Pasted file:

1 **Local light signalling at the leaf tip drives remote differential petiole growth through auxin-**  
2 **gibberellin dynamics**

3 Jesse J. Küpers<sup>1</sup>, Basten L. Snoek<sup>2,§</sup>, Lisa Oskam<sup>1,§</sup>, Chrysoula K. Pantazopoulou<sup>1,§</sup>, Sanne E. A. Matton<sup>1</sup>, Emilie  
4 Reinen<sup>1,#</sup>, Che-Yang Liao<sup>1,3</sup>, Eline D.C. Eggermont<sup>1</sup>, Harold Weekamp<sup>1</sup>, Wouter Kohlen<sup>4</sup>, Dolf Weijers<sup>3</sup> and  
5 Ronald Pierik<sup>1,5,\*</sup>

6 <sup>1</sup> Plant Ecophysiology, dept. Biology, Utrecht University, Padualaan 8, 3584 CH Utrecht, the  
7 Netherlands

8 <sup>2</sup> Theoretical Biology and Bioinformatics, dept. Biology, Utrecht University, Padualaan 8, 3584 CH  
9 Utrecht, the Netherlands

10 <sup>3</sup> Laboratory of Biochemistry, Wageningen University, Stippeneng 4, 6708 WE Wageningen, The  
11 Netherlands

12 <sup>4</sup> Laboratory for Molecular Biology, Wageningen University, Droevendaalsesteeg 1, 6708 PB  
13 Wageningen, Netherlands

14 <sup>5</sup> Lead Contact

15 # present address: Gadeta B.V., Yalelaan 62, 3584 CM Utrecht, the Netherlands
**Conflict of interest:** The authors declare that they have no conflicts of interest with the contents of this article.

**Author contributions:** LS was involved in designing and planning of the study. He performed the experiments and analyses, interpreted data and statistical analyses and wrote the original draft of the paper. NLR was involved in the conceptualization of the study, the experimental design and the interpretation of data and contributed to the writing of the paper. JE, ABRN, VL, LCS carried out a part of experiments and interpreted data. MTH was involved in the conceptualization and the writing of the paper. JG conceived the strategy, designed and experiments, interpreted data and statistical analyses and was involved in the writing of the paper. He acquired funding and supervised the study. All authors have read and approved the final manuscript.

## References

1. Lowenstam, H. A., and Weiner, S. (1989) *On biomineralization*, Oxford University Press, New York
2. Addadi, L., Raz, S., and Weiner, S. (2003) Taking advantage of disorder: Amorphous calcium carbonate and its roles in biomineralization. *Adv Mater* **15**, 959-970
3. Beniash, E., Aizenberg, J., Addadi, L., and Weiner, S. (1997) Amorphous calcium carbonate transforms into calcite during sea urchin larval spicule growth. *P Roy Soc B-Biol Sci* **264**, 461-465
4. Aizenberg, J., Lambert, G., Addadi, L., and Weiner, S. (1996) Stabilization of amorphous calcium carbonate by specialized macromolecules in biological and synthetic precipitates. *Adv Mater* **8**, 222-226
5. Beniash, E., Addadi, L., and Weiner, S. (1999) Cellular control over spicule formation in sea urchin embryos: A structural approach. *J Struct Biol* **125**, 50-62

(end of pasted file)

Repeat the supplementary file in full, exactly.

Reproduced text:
1 **Local light signalling at the leaf tip drives remote differential petiole growth through auxin-**  
2 **gibberellin dynamics**

3 Jesse J. Küpers<sup>1</sup>, Basten L. Snoek<sup>2,§</sup>, Lisa Oskam<sup>1,§</sup>, Chrysoula K. Pantazopoulou<sup>1,§</sup>, Sanne E. A. Matton<sup>1</sup>, Emilie  
4 Reinen<sup>1,#</sup>, Che-Yang Liao<sup>1,3</sup>, Eline D.C. Eggermont<sup>1</sup>, Harold Weekamp<sup>1</sup>, Wouter Kohlen<sup>4</sup>, Dolf Weijers<sup>3</sup> and  
5 Ronald Pierik<sup>1,5,\*</sup>

6 <sup>1</sup> Plant Ecophysiology, dept. Biology, Utrecht University, Padualaan 8, 3584 CH Utrecht, the  
7 Netherlands

8 <sup>2</sup> Theoretical Biology and Bioinformatics, dept. Biology, Utrecht University, Padualaan 8, 3584 CH  
9 Utrecht, the Netherlands

10 <sup>3</sup> Laboratory of Biochemistry, Wageningen University, Stippeneng 4, 6708 WE Wageningen, The  
11 Netherlands

12 <sup>4</sup> Laboratory for Molecular Biology, Wageningen University, Droevendaalsesteeg 1, 6708 PB  
13 Wageningen, Netherlands

14 <sup>5</sup> Lead Contact

15 # present address: Gadeta B.V., Yalelaan 62, 3584 CM Utrecht, the Netherlands
**Conflict of interest:** The authors declare that they have no conflicts of interest with the contents of this article.

**Author contributions:** LS was involved in designing and planning of the study. He performed the experiments and analyses, interpreted data and statistical analyses and wrote the original draft of the paper. NLR was involved in the conceptualization of the study, the experimental design and the interpretation of data and contributed to the writing of the paper. JE, ABRN, VL, LCS carried out a part of experiments and interpreted data. MTH was involved in the conceptualization and the writing of the paper. JG conceived the strategy, designed and experiments, interpreted data and statistical analyses and was involved in the writing of the paper. He acquired funding and supervised the study. All authors have read and approved the final manuscript.

## References

1. Lowenstam, H. A., and Weiner, S. (1989) *On biomineralization*, Oxford University Press, New York
2. Addadi, L., Raz, S., and Weiner, S. (2003) Taking advantage of disorder: Amorphous calcium carbonate and its roles in biomineralization. *Adv Mater* **15**, 959-970
3. Beniash, E., Aizenberg, J., Addadi, L., and Weiner, S. (1997) Amorphous calcium carbonate transforms into calcite during sea urchin larval spicule growth. *P Roy Soc B-Biol Sci* **264**, 461-465
4. Aizenberg, J., Lambert, G., Addadi, L., and Weiner, S. (1996) Stabilization of amorphous calcium carbonate by specialized macromolecules in biological and synthetic precipitates. *Adv Mater* **8**, 222-226
5. Beniash, E., Addadi, L., and Weiner, S. (1999) Cellular control over spicule formation in sea urchin embryos: A structural approach. *J Struct Biol* **125**, 50-62